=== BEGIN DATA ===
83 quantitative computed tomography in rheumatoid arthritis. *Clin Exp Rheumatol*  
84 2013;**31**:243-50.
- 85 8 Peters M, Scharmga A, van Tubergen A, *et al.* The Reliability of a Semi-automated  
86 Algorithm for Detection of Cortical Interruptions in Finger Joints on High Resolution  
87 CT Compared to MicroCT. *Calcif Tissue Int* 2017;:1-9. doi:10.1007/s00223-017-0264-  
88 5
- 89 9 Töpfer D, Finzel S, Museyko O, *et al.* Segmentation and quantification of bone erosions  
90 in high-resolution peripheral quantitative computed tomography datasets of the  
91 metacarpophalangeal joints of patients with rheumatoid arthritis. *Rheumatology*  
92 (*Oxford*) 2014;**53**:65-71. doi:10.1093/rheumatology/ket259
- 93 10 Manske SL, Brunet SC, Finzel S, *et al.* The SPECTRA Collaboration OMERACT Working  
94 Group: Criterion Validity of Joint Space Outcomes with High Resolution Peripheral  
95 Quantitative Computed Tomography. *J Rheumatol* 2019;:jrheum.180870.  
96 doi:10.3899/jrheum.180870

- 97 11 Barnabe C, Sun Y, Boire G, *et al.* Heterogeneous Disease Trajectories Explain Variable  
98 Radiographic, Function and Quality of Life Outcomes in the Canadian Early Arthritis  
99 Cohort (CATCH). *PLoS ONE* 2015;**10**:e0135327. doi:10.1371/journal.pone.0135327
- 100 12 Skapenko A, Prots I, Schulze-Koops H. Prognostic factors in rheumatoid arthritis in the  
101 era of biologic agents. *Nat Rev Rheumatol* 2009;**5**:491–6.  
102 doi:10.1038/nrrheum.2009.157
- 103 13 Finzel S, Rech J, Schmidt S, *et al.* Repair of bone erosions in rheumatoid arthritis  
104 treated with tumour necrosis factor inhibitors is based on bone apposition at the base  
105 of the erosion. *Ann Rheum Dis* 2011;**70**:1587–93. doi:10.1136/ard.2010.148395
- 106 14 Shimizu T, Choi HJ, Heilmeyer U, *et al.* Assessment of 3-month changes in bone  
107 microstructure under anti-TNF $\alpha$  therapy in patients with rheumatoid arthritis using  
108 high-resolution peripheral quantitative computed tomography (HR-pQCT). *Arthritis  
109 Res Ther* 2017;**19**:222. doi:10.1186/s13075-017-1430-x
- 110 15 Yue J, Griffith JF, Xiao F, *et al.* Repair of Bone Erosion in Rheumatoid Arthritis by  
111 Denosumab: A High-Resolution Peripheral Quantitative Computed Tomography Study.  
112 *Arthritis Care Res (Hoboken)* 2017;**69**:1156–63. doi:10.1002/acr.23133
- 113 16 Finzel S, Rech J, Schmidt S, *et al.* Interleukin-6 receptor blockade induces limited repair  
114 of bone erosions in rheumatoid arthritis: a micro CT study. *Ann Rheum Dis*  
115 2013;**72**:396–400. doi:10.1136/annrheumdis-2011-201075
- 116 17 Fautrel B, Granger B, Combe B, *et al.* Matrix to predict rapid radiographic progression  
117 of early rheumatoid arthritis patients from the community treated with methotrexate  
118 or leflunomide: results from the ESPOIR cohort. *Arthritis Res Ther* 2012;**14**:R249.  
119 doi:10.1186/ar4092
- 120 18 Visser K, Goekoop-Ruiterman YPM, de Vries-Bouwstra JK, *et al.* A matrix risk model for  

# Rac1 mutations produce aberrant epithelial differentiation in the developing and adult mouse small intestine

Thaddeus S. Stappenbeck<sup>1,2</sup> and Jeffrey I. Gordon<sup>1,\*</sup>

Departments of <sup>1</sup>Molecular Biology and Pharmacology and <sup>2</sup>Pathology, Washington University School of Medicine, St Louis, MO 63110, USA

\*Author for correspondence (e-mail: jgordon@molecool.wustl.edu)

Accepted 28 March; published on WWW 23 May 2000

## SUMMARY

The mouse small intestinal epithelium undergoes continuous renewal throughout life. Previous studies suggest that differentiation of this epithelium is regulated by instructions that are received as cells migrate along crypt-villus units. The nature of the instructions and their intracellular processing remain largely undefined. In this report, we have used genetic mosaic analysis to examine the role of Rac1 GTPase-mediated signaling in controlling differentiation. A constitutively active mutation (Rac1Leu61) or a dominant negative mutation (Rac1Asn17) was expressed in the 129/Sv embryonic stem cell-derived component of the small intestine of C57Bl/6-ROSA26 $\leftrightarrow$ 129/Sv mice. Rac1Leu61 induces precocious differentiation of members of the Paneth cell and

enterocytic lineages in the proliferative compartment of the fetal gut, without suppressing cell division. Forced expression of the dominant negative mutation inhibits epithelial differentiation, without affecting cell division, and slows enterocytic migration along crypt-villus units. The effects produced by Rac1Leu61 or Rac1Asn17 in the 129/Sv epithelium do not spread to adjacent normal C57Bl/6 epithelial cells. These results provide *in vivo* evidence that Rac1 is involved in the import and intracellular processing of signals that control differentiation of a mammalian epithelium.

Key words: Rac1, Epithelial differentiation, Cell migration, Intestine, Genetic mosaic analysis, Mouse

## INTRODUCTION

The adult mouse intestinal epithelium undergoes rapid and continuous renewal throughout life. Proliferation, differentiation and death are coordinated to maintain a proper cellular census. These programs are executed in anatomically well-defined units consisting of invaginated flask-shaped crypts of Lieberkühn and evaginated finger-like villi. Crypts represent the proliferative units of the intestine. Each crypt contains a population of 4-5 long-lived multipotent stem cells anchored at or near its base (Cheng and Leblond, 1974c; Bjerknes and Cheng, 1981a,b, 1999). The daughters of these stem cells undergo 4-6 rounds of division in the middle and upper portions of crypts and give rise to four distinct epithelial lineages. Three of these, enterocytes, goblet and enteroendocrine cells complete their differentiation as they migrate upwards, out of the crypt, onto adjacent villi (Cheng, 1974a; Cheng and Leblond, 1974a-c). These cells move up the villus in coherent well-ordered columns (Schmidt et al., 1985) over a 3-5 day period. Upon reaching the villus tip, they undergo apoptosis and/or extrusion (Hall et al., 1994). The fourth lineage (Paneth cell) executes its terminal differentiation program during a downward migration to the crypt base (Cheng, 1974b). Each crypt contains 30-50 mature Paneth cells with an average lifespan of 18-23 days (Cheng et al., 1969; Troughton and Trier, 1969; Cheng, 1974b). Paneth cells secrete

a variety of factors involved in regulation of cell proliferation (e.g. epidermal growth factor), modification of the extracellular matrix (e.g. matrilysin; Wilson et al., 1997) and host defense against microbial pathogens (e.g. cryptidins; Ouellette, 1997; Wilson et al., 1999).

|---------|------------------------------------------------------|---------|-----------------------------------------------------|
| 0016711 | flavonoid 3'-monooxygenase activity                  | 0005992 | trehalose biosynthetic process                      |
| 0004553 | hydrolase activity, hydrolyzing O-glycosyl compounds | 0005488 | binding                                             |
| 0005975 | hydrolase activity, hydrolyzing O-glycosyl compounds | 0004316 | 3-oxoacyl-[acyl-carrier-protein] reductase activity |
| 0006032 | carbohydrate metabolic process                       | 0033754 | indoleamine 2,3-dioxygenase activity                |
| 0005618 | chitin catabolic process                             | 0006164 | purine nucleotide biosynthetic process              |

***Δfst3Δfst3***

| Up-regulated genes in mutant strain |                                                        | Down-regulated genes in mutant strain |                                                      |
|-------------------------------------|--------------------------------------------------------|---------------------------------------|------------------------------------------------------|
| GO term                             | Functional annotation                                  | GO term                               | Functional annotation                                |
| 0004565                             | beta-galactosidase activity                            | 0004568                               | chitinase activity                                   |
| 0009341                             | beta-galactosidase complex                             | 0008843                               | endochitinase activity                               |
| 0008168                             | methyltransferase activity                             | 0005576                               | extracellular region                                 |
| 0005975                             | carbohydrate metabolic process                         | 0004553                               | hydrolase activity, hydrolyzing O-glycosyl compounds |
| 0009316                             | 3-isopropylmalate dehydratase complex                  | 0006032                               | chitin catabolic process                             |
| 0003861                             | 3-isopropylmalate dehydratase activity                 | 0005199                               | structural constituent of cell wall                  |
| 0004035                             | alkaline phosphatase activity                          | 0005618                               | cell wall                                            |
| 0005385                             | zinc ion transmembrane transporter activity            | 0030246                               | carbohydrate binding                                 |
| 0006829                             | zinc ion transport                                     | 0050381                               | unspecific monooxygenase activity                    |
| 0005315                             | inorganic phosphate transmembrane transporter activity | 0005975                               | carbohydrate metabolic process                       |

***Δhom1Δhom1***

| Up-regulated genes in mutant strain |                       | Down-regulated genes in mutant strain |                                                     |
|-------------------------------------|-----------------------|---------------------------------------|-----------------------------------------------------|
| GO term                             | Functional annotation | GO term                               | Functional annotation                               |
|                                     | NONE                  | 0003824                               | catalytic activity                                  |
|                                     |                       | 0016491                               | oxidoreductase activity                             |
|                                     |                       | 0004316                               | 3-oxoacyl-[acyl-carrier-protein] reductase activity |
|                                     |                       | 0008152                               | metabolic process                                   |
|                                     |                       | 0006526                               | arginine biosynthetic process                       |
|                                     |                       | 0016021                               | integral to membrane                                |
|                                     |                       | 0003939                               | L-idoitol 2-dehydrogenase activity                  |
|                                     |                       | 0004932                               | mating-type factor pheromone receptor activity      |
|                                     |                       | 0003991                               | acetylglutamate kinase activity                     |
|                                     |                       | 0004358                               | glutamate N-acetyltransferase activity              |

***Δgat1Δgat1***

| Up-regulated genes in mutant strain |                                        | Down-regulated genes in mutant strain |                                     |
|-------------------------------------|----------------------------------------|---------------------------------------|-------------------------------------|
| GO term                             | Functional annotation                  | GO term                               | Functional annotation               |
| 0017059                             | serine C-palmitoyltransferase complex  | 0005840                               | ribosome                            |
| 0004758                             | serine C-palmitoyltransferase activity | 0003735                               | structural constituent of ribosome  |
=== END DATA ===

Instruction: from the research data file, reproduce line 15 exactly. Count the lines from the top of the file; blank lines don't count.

- 97 11 Barnabe C, Sun Y, Boire G, *et al.* Heterogeneous Disease Trajectories Explain Variable  